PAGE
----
United Nations Department of Economic and Social Affairs Sustainable Development

A Safe & Sustainable Post-2015 Development Agenda

Bright Oywaya, Association of the Physically Disabled of Kenya. Presentation to the 7th Session of the UN General Assembly Open Working Group on Sustainable Development Goals
I submit this input to the Open Working Group as a citizen of Kenya, as an African woman living with a disability, and as a person standing up for the rights of the vulnerable across low and middle income countries:
1) For my country and other middle and low income countries, the current unplanned expansion of motorised transportation threatens to place millions of vulnerable people at risk.
2) It exacerbates poverty and undermines equitable development. Alongside the human costs, the health and economic burdens posed by this unplanned expansion are unsustainable.
3) Young, economically active sections of the population are being severely affected. In Kenya, road traffic injury is a leading health burden for young people in their 20s according to the recent Lancet Global Burden of Disease research. Road traffic injury is also placing health systems under intolerable strain. I work in hospitals in Kenya where the majority of trauma admissions are from road traffic injury. This pattern is being repeated across middle and low income countries which account for the vast majority - 90% - of the total number of road fatalities.
4) Targets within the Post-2015 Goals
Transportation is of course central for development and economic growth. However, for equitable, sustainable and inclusive growth, transportation can and must be made clean, safe, affordable and reliable. This can be achieved by integrating clear and focused targets into the post-2015 Goals.
For example: a global target to reduce road traffic fatalities by 50% by 2030 would save millions of lives, particularly among the young economically active sections of the population that are so badly affected. It would alleviate both the pressure on overstretched health services, and the burden on millions of families suffering the long term effects of road injury.
While transport is a key driver for poverty reduction, in many low and middle income countries, affordable mass transit systems are absent, forcing people to pay a relatively large share of their income – 25% for the poorest urban households – on transport, or restricting access to economic opportunities, services, education and health.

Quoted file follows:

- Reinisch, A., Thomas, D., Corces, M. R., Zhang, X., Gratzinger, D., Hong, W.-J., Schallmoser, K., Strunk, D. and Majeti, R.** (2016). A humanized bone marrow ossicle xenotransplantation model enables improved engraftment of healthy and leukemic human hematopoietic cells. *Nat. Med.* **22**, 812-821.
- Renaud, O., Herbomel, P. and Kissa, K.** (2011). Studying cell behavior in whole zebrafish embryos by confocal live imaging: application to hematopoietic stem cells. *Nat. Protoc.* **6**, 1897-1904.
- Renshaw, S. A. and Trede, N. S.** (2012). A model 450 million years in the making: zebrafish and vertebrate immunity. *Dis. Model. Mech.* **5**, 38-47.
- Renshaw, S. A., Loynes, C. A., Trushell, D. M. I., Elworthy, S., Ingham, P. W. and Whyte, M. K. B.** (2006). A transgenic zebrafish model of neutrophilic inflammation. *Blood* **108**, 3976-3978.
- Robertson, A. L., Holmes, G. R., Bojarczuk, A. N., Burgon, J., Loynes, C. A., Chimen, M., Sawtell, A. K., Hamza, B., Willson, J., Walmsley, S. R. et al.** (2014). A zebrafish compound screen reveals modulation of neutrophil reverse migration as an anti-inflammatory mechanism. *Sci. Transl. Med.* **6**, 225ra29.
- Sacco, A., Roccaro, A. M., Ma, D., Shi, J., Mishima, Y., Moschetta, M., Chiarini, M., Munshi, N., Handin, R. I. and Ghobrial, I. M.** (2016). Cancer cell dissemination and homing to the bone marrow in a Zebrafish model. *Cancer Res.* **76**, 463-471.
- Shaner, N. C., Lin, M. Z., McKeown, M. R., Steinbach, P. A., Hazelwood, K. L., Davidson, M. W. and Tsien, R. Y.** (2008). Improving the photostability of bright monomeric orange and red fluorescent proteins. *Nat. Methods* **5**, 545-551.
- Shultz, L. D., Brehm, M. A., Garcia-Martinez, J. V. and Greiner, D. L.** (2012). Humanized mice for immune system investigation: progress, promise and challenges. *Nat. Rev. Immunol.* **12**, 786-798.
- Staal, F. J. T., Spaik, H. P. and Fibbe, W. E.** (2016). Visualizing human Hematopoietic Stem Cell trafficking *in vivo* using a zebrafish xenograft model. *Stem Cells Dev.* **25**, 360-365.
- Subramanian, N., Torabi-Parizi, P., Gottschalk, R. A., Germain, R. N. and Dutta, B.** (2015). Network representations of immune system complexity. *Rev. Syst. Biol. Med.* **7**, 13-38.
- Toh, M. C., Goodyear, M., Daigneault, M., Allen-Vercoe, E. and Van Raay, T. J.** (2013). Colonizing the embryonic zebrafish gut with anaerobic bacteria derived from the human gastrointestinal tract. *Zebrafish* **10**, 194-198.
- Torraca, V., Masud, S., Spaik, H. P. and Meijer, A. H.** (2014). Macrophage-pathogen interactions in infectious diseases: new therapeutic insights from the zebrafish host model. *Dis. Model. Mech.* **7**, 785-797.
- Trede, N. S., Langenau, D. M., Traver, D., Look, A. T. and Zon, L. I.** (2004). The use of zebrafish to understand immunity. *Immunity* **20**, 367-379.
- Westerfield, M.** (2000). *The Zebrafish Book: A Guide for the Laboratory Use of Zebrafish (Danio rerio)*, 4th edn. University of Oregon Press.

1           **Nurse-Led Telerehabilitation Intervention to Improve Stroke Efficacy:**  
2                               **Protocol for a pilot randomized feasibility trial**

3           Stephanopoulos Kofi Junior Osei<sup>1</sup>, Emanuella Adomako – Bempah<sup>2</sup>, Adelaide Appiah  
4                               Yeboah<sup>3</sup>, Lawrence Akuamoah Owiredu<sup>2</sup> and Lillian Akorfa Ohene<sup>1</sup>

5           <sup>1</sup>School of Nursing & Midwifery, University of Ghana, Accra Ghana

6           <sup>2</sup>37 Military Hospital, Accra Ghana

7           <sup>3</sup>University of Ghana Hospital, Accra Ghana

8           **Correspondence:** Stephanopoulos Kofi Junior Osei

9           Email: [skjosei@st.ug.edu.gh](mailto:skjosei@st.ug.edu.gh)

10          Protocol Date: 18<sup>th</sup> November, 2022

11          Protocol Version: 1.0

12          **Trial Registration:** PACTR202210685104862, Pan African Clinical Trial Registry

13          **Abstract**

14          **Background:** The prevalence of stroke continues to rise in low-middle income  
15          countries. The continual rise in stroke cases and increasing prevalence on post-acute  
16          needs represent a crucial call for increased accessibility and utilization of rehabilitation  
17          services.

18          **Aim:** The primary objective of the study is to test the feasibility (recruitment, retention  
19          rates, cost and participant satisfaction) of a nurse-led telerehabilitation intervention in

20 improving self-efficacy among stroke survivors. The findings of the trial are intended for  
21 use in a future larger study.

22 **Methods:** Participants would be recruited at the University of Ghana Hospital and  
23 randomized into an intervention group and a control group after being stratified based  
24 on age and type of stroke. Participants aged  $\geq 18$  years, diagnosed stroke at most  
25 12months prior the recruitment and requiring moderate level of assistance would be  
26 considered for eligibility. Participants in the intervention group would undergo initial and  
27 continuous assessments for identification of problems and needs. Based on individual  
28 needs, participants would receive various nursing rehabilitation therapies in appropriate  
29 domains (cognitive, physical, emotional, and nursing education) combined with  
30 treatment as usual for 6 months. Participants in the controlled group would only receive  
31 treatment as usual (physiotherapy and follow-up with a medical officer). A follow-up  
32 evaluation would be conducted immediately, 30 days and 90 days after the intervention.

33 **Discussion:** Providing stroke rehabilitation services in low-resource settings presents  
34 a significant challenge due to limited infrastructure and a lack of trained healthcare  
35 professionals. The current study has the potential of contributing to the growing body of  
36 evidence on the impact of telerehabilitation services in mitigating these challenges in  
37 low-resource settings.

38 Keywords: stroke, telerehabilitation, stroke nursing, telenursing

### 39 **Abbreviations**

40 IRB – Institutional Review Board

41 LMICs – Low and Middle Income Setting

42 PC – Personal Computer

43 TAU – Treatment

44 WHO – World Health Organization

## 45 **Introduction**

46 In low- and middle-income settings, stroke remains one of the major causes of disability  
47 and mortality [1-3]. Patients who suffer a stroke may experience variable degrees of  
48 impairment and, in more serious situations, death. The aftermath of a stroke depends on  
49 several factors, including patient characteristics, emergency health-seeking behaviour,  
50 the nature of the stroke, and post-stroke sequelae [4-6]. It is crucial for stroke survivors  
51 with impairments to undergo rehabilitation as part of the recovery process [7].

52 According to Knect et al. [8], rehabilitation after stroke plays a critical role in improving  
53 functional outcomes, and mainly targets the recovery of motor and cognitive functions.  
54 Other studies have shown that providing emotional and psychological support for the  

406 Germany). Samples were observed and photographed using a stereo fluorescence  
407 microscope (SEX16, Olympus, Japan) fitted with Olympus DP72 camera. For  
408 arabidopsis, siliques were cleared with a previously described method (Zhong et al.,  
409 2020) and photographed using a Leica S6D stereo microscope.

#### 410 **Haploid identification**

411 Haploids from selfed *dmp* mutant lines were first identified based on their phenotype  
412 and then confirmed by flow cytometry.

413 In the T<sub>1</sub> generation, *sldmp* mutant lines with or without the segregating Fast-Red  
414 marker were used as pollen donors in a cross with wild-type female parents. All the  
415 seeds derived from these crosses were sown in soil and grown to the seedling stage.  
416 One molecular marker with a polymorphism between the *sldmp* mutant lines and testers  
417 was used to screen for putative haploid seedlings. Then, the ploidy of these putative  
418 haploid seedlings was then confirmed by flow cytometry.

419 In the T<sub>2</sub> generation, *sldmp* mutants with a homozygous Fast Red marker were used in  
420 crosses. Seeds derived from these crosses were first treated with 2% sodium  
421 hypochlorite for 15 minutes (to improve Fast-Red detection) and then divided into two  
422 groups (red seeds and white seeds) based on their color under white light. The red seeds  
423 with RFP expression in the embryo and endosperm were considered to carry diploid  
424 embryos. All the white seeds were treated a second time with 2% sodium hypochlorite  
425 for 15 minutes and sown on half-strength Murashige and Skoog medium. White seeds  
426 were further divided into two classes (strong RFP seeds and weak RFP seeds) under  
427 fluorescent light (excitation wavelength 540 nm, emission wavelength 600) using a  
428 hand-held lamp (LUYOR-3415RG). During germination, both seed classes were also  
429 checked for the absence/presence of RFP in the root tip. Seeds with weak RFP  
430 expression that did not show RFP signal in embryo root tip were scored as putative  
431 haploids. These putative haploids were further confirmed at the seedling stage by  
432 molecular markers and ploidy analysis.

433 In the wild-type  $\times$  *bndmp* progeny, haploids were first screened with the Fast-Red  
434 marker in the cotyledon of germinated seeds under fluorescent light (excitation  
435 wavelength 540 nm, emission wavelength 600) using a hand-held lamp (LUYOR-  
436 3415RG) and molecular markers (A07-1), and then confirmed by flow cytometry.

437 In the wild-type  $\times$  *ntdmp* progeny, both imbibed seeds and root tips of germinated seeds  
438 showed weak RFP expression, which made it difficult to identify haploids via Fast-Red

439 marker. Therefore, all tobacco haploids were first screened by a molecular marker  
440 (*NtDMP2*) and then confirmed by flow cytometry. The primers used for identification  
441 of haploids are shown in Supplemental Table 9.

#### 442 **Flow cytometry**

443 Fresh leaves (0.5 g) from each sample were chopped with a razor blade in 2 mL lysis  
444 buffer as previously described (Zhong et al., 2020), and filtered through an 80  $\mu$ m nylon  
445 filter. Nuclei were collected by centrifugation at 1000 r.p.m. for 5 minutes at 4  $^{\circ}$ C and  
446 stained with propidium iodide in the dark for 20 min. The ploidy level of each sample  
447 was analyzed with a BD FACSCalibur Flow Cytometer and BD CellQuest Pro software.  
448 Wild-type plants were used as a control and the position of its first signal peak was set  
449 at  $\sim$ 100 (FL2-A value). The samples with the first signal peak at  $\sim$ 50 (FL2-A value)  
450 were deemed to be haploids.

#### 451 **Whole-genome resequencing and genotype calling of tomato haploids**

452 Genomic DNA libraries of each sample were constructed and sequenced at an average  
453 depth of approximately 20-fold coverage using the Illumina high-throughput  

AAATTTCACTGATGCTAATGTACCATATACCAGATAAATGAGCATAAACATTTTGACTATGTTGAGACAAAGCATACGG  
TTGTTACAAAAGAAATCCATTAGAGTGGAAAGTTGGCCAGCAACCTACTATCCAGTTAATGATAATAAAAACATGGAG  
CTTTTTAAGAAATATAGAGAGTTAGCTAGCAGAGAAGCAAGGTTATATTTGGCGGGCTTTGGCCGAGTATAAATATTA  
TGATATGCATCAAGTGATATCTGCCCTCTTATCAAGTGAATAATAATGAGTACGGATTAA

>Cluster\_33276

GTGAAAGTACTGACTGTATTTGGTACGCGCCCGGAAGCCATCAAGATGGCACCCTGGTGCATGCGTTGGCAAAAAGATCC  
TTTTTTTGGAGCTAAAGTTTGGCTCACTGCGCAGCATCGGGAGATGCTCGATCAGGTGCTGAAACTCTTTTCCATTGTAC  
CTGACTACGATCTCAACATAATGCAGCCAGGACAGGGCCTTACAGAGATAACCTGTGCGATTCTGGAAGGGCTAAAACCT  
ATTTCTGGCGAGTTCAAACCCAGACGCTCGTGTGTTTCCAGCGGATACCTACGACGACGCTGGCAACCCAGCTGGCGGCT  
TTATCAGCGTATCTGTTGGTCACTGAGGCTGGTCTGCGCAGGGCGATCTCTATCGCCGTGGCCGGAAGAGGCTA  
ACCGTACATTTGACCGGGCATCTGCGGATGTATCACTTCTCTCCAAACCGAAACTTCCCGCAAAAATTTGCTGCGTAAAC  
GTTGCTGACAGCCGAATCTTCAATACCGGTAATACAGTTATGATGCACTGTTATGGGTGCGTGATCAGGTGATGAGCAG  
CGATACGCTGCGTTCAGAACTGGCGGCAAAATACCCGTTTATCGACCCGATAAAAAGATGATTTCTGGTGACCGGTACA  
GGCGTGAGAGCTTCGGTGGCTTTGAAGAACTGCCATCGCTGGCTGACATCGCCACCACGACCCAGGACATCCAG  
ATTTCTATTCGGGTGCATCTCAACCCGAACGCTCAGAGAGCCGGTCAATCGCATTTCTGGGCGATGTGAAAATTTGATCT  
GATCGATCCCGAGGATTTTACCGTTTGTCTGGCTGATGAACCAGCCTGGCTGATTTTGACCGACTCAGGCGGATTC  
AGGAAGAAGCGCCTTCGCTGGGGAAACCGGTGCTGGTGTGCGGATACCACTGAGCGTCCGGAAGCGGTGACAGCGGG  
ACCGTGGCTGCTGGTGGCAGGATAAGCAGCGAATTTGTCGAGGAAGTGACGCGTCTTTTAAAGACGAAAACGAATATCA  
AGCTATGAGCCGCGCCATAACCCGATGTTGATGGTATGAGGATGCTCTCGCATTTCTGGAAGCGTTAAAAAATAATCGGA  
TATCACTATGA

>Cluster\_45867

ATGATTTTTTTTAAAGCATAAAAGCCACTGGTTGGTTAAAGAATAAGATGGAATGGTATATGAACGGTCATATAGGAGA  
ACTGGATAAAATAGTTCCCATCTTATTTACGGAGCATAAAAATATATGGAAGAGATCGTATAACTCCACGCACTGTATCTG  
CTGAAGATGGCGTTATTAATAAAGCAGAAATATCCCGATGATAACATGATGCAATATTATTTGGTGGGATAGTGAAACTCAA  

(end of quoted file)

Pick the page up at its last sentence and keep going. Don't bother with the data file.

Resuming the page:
Integrated urban transport systems linking walking, cycling and mass public transit should be made affordable so that they provide maximum access – especially to the poor and vulnerable groups like children and people with a disability. Moreover, the lack of safe and affordable transport restricts the mobility of women and prevents their full participation in the economy and other activities. Sustainable transport that is accessible to all -including women-can promote equity.
A proposed mass transit SDG target could double the number of urban citizens that have access to integrated mass transit systems by 2030. This can be achieved by supporting the up-scaling of mass transit systems, using innovative financing models.
One model initiative is ‘Share the Road’ which aims to catalyse policies in governments and donor agencies for systematic investment in walking and cycling road infrastructure, linked to public transport.
For low and middle income countries the majority of the population have to walk to access jobs, education and services. However, according to the International Road Assessment Programme, 84% of roads in low and middle-income countries with speeds above 40kph where pedestrians are present surveyed by iRAP have no pedestrian sidewalks.
With initiatives like Share the Road, the objective is to create road infrastructure which prioritises the needs of the vulnerable road users – pedestrians, cyclists, children and poorer sections of the population who are actually the majority of road users.
This is an approach which prioritises safety and sustainability, providing cross-cutting benefits: for health tackling road injury, obesity and non-communicable diseases; for the environment promoting non-motorised and public transport to tackle congestion and emissions; and for access to employment and services.
Pilot projects have already begun in Kenya and other Sub-Saharan African countries.
For example, in Nairobi safe cycling and walking provisions have been added to a 1.7km stretch of UN Avenue; while in Kampala plans for segregated cycle lanes and pedestrian facilities link in with public transport plans.
Initiatives such as this could be scaled up to help achieve SDG targets on equitable mass transit and on road traffic injury prevention.
5) We have the knowledge, the data and the solutions to ensure that transportation can serve as a powerful enabler of the post-2015 objectives – to eradicate poverty, to ensure equitable growth and people-centred development. Clear, compelling targets as I have outlined and as in the overarching ‘Safe, Clean, Fair and Green,’ agenda presented this morning, can and must be integrated into the post-2015 Goals. Millions of lives and livelihoods depend upon it, as does the future of my country and other developing nations.